According to an aspect, an evaluation device for path length measurement is provided, which is configured to evaluate a measured signal which represents an intensity of a sequence of pulses of electromagnetic radiation, in particular of a sequence of light pulses, as a function of time after the sequence has covered a path length to be measured. The sequence of pulses has a repetition rate. The evaluation device is configured to evaluate a first component of the measured signal, the first component oscillating with a first frequency, and a second component of the measured signal, the second component oscillating with a second frequency that is greater than the first frequency.

A spectral component of the measured signal, i.e. of the captured light intensity as a function of time, is herein referred to as a component of the measured signal which oscillates with a frequency. For example, the component oscillating with the frequency may be the component of a Fourier representation of the measured signal which oscillates with the respective frequency.

As the evaluation device is configured to evaluate the first component and the second component which oscillate with different frequencies, it is possible that both a coarse estimate and an improved finer estimate for the path length are determined by evaluating the different components of the measured signal.

The evaluation device may be configured such that the first frequency corresponds to the repetition rate or to a multiple of the repetition rate. The evaluation device may be configured such that the second frequency corresponds to another multiple of the repetition rate. The measured signal which represents the intensity of the sequence of pulses, in particular of light pulses, has such spectral components which can be evaluated for a path length measurement.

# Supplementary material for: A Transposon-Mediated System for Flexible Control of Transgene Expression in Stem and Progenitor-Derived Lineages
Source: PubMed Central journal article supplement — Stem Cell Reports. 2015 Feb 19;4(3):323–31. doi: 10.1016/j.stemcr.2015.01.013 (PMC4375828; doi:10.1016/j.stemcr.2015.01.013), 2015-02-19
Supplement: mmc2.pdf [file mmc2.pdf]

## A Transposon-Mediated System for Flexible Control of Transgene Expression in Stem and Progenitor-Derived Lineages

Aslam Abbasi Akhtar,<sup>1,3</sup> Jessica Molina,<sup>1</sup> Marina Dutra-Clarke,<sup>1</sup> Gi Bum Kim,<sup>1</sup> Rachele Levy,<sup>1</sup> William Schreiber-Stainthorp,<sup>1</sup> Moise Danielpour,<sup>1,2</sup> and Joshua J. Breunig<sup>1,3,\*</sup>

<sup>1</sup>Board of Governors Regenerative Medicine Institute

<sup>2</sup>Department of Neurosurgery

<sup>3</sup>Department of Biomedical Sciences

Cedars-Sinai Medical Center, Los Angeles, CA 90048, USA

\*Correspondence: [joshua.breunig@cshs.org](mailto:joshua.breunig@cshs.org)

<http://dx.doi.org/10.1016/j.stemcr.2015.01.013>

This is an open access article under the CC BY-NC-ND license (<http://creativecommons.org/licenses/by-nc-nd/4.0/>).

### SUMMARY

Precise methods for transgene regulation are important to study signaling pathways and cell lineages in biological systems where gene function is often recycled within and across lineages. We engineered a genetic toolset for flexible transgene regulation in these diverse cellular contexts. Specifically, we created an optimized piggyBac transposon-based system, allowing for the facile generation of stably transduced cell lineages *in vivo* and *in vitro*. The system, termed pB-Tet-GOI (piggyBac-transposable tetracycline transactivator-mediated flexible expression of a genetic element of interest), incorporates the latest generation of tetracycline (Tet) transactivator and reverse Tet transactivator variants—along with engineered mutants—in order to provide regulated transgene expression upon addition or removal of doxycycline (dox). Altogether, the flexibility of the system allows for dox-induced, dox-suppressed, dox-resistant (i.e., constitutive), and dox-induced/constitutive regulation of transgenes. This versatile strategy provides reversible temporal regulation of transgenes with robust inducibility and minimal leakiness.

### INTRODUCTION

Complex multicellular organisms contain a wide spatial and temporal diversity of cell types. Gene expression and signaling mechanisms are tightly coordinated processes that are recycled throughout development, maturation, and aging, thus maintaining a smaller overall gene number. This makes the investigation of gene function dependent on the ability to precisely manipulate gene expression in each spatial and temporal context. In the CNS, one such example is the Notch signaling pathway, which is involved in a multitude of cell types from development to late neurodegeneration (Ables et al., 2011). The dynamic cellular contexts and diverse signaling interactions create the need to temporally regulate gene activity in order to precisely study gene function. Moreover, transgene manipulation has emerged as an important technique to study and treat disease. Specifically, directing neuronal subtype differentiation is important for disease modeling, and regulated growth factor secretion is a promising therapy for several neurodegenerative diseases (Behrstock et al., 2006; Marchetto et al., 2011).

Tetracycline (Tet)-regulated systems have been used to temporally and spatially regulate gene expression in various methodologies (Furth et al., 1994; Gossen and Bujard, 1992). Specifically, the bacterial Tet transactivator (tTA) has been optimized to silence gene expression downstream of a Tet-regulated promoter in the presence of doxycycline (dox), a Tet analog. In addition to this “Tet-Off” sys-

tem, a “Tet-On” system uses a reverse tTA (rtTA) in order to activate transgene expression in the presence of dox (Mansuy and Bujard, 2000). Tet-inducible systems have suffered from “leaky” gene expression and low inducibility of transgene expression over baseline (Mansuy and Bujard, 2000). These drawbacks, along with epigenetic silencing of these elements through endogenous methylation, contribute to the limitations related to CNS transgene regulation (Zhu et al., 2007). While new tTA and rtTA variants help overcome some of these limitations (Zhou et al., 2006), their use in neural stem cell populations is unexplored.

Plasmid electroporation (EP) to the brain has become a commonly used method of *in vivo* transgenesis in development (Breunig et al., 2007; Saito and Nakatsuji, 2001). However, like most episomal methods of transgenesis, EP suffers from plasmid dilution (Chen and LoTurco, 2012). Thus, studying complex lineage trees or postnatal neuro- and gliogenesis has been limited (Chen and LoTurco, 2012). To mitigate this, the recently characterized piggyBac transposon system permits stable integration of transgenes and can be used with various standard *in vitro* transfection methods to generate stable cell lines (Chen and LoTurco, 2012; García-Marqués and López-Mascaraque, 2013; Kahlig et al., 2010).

The evaluation device may be configured to determine a first phase difference associated with the first component of the measured signal and a second phase difference associated with the second component of the measured signal, to determine the path length. The first and second phase difference is dependent on the path length covered by the sequence of pulses relative to a reference position and allow the path length to be determined.

The evaluation device may be configured such that the first phase difference is a phase difference between the first component of the measured signal and a first reference signal which oscillates with the first frequency, and that the second phase difference is a phase difference between the second component of the measured signal and a second reference signal which oscillates with the second frequency. The reference signals may be determined from a captured intensity of a reference beam, for example. The phase differences reflect the differences in path length between the path length covered by the sequence of light pulses and the path length covered by the reference beam.